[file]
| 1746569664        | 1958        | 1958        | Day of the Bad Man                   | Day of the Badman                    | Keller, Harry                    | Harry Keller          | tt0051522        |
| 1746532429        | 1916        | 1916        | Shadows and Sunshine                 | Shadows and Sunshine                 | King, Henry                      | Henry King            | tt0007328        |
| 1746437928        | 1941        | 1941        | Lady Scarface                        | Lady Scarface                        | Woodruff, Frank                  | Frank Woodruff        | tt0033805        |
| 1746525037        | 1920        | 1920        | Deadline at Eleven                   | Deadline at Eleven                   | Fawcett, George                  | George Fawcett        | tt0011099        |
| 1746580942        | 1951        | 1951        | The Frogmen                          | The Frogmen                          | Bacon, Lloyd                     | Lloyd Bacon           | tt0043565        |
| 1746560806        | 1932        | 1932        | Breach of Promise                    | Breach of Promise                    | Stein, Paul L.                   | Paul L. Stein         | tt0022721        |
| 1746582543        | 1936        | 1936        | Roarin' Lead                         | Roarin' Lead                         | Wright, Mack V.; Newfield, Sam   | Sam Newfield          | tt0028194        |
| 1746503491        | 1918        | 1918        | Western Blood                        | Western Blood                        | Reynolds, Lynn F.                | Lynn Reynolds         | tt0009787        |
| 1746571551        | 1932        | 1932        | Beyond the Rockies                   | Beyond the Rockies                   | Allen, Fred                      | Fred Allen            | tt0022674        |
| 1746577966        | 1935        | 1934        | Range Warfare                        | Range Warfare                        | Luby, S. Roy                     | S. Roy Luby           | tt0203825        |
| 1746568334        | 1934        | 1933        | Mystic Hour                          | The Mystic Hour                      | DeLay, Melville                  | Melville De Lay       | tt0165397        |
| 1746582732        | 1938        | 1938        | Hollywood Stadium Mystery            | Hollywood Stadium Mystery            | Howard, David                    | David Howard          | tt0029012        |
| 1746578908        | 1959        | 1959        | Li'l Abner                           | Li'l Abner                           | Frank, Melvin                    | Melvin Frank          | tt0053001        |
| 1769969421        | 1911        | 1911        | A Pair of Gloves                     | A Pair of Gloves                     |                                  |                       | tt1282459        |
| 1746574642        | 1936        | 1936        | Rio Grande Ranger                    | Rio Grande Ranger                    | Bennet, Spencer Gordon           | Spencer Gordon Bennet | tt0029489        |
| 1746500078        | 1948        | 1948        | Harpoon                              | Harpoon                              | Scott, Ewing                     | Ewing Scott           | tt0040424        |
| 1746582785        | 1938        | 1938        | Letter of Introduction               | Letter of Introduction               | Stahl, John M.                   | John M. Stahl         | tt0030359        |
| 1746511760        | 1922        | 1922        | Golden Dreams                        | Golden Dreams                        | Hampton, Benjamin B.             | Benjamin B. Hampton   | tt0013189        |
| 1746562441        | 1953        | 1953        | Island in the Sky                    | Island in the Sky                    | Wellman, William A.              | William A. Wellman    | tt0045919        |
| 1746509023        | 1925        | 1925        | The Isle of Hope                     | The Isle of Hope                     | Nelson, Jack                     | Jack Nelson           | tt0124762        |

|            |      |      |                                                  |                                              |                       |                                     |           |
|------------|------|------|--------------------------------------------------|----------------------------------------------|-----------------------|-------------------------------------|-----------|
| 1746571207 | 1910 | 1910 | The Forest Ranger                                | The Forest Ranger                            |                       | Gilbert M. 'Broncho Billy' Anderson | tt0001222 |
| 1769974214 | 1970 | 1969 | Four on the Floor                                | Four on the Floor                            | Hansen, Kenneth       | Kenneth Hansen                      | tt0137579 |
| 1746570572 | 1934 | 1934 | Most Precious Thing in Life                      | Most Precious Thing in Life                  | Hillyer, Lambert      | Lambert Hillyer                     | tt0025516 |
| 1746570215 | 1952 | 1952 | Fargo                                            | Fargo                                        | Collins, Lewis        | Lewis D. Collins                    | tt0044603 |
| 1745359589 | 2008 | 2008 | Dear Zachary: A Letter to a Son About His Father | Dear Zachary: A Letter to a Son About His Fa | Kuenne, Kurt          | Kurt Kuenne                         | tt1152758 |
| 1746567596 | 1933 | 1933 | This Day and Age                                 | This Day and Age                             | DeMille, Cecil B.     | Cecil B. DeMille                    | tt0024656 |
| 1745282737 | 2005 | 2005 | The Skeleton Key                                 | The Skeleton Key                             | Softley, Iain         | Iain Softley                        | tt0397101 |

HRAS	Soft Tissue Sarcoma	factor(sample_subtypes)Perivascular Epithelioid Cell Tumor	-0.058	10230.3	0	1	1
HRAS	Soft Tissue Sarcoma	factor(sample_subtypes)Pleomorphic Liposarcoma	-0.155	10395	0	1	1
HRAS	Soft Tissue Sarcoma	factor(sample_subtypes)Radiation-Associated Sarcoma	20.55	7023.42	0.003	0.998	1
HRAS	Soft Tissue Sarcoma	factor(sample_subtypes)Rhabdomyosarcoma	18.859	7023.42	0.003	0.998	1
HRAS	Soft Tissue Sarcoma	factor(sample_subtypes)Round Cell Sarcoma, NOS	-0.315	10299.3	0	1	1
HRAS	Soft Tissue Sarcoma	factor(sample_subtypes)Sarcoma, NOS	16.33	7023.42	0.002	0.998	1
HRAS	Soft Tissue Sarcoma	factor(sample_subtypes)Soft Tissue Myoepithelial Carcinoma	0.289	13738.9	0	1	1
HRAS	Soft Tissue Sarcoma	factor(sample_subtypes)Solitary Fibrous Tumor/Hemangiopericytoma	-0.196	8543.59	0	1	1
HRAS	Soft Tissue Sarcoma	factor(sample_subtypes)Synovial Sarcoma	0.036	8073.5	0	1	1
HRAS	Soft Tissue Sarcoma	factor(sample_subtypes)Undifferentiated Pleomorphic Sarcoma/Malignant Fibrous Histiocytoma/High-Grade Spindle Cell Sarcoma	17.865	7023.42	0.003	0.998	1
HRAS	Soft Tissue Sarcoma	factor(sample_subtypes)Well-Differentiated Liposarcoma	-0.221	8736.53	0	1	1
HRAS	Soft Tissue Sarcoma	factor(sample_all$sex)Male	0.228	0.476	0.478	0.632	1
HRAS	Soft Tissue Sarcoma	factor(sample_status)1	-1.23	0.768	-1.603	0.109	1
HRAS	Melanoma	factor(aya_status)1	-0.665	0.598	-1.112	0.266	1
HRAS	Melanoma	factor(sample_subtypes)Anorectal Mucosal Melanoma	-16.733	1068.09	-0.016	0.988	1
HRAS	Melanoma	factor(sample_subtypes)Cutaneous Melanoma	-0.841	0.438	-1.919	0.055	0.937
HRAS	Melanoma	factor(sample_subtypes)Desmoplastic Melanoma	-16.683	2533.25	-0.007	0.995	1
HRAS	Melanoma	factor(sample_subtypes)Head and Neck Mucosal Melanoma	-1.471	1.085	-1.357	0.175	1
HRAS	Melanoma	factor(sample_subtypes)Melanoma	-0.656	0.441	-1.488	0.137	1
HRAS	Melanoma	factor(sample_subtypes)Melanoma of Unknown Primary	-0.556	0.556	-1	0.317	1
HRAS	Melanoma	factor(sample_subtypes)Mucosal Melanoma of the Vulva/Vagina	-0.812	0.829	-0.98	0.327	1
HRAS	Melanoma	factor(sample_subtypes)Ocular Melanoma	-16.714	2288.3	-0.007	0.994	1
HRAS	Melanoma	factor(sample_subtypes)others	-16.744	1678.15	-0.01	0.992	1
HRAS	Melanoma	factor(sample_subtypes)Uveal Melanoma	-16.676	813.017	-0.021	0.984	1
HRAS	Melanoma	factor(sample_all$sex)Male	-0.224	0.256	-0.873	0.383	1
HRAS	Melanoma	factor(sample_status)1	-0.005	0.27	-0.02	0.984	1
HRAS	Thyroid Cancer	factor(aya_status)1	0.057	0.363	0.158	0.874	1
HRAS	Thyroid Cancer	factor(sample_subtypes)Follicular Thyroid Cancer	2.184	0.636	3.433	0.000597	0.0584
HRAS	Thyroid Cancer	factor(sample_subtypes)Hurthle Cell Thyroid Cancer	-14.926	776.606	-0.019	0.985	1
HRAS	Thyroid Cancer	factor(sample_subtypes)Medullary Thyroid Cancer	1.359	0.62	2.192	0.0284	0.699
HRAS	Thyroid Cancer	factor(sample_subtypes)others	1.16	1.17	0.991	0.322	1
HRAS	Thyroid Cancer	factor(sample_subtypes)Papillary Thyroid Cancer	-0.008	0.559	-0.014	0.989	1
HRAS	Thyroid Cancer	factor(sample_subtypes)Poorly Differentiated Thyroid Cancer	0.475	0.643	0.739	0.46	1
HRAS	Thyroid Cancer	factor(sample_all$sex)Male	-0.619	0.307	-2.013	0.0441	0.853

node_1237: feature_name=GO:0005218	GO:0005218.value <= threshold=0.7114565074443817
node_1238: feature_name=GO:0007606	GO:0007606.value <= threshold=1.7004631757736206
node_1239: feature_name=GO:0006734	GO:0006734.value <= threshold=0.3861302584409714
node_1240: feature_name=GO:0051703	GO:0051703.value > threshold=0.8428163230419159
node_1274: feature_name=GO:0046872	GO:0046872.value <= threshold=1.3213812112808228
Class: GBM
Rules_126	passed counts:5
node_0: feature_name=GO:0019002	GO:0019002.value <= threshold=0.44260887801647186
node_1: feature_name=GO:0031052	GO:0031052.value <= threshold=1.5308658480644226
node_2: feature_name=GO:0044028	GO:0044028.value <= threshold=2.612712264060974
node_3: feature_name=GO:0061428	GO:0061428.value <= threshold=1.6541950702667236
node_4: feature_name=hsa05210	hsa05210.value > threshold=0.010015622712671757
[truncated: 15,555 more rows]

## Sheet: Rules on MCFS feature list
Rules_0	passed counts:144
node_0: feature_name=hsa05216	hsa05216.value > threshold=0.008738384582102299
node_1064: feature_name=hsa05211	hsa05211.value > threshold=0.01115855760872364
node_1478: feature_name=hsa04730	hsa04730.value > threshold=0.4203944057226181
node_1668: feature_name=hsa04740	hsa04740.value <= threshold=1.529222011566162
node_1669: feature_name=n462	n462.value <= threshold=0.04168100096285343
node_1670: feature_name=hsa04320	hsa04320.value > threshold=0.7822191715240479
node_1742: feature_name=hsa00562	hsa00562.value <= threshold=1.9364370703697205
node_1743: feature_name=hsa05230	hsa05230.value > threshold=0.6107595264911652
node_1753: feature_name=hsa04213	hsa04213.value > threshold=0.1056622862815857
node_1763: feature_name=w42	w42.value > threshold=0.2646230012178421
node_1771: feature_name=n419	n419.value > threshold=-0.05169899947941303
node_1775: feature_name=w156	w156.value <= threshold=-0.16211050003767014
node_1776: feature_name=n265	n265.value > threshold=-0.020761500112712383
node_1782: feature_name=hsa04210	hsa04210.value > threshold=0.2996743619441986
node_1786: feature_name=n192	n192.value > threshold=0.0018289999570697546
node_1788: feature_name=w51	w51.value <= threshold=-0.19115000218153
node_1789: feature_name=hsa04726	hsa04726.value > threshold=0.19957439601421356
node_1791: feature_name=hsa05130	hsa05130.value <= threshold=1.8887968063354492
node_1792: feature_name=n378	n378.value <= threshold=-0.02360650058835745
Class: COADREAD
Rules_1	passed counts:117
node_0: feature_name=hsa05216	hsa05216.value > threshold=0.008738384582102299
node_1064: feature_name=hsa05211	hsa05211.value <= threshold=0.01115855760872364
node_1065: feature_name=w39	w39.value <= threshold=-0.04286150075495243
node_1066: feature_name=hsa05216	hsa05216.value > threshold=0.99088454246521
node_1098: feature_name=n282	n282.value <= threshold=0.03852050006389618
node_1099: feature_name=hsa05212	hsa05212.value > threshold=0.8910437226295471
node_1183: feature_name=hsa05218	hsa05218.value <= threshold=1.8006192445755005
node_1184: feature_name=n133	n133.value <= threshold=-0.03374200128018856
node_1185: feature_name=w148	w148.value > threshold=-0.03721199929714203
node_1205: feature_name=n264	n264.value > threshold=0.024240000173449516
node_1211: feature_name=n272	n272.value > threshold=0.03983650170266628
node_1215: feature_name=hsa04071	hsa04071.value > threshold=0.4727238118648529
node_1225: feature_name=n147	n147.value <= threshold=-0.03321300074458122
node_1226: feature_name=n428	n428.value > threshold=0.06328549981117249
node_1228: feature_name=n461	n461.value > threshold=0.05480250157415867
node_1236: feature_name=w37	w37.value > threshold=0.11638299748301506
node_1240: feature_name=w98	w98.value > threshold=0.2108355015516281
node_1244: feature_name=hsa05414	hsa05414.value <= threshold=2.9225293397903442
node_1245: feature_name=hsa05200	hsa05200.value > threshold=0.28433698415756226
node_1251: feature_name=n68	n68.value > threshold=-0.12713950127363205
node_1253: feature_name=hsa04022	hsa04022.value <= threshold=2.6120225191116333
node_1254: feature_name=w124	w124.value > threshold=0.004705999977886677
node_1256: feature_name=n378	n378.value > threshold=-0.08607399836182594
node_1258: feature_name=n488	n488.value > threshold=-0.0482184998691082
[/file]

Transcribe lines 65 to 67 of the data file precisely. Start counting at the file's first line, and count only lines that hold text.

node_1238: feature_name=GO:0007606	GO:0007606.value <= threshold=1.7004631757736206
node_1239: feature_name=GO:0006734	GO:0006734.value <= threshold=0.3861302584409714
node_1240: feature_name=GO:0051703	GO:0051703.value > threshold=0.8428163230419159